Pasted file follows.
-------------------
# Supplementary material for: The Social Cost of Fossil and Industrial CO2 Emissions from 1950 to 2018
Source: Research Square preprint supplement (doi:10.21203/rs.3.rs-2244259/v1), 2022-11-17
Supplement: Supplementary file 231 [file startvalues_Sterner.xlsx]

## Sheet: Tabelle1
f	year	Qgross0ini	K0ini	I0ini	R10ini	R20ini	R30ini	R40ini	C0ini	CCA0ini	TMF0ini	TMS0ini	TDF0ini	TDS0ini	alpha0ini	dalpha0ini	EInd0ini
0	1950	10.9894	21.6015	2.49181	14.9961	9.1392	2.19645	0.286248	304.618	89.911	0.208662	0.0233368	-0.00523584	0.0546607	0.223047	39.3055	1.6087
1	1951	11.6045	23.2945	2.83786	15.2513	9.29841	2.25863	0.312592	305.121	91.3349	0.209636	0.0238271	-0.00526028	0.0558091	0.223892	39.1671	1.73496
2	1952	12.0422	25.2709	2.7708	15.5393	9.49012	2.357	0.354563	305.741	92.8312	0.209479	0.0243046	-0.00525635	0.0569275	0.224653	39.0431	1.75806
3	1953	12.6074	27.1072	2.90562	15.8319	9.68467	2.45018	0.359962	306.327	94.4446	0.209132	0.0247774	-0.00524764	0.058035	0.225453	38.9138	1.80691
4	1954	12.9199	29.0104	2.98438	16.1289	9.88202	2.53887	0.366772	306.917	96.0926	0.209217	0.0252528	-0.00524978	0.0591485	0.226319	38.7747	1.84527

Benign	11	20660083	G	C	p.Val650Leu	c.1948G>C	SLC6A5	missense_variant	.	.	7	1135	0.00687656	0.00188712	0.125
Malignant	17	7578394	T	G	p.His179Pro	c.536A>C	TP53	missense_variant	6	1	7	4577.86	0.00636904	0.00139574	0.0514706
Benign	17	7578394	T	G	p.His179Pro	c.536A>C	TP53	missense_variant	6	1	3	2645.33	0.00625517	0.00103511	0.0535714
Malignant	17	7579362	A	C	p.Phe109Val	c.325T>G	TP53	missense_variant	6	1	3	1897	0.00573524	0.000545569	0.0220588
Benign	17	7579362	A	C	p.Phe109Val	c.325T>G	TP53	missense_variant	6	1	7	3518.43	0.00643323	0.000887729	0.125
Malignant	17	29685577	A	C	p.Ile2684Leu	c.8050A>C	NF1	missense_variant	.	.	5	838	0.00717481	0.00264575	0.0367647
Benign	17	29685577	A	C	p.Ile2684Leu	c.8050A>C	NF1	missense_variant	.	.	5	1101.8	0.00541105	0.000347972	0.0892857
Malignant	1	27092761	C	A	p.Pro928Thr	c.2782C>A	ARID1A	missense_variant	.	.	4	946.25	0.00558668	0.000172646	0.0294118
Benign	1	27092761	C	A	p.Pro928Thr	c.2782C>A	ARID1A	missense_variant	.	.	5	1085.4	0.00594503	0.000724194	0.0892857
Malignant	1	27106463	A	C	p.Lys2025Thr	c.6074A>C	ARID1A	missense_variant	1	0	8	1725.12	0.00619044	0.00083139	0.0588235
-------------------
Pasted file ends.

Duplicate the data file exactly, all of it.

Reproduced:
# Supplementary material for: The Social Cost of Fossil and Industrial CO2 Emissions from 1950 to 2018
Source: Research Square preprint supplement (doi:10.21203/rs.3.rs-2244259/v1), 2022-11-17
Supplement: Supplementary file 231 [file startvalues_Sterner.xlsx]

## Sheet: Tabelle1
f	year	Qgross0ini	K0ini	I0ini	R10ini	R20ini	R30ini	R40ini	C0ini	CCA0ini	TMF0ini	TMS0ini	TDF0ini	TDS0ini	alpha0ini	dalpha0ini	EInd0ini
0	1950	10.9894	21.6015	2.49181	14.9961	9.1392	2.19645	0.286248	304.618	89.911	0.208662	0.0233368	-0.00523584	0.0546607	0.223047	39.3055	1.6087
1	1951	11.6045	23.2945	2.83786	15.2513	9.29841	2.25863	0.312592	305.121	91.3349	0.209636	0.0238271	-0.00526028	0.0558091	0.223892	39.1671	1.73496
2	1952	12.0422	25.2709	2.7708	15.5393	9.49012	2.357	0.354563	305.741	92.8312	0.209479	0.0243046	-0.00525635	0.0569275	0.224653	39.0431	1.75806
3	1953	12.6074	27.1072	2.90562	15.8319	9.68467	2.45018	0.359962	306.327	94.4446	0.209132	0.0247774	-0.00524764	0.058035	0.225453	38.9138	1.80691
4	1954	12.9199	29.0104	2.98438	16.1289	9.88202	2.53887	0.366772	306.917	96.0926	0.209217	0.0252528	-0.00524978	0.0591485	0.226319	38.7747	1.84527

Benign	11	20660083	G	C	p.Val650Leu	c.1948G>C	SLC6A5	missense_variant	.	.	7	1135	0.00687656	0.00188712	0.125
Malignant	17	7578394	T	G	p.His179Pro	c.536A>C	TP53	missense_variant	6	1	7	4577.86	0.00636904	0.00139574	0.0514706
Benign	17	7578394	T	G	p.His179Pro	c.536A>C	TP53	missense_variant	6	1	3	2645.33	0.00625517	0.00103511	0.0535714
Malignant	17	7579362	A	C	p.Phe109Val	c.325T>G	TP53	missense_variant	6	1	3	1897	0.00573524	0.000545569	0.0220588
Benign	17	7579362	A	C	p.Phe109Val	c.325T>G	TP53	missense_variant	6	1	7	3518.43	0.00643323	0.000887729	0.125
Malignant	17	29685577	A	C	p.Ile2684Leu	c.8050A>C	NF1	missense_variant	.	.	5	838	0.00717481	0.00264575	0.0367647
Benign	17	29685577	A	C	p.Ile2684Leu	c.8050A>C	NF1	missense_variant	.	.	5	1101.8	0.00541105	0.000347972	0.0892857
Malignant	1	27092761	C	A	p.Pro928Thr	c.2782C>A	ARID1A	missense_variant	.	.	4	946.25	0.00558668	0.000172646	0.0294118
Benign	1	27092761	C	A	p.Pro928Thr	c.2782C>A	ARID1A	missense_variant	.	.	5	1085.4	0.00594503	0.000724194	0.0892857
Malignant	1	27106463	A	C	p.Lys2025Thr	c.6074A>C	ARID1A	missense_variant	1	0	8	1725.12	0.00619044	0.00083139	0.0588235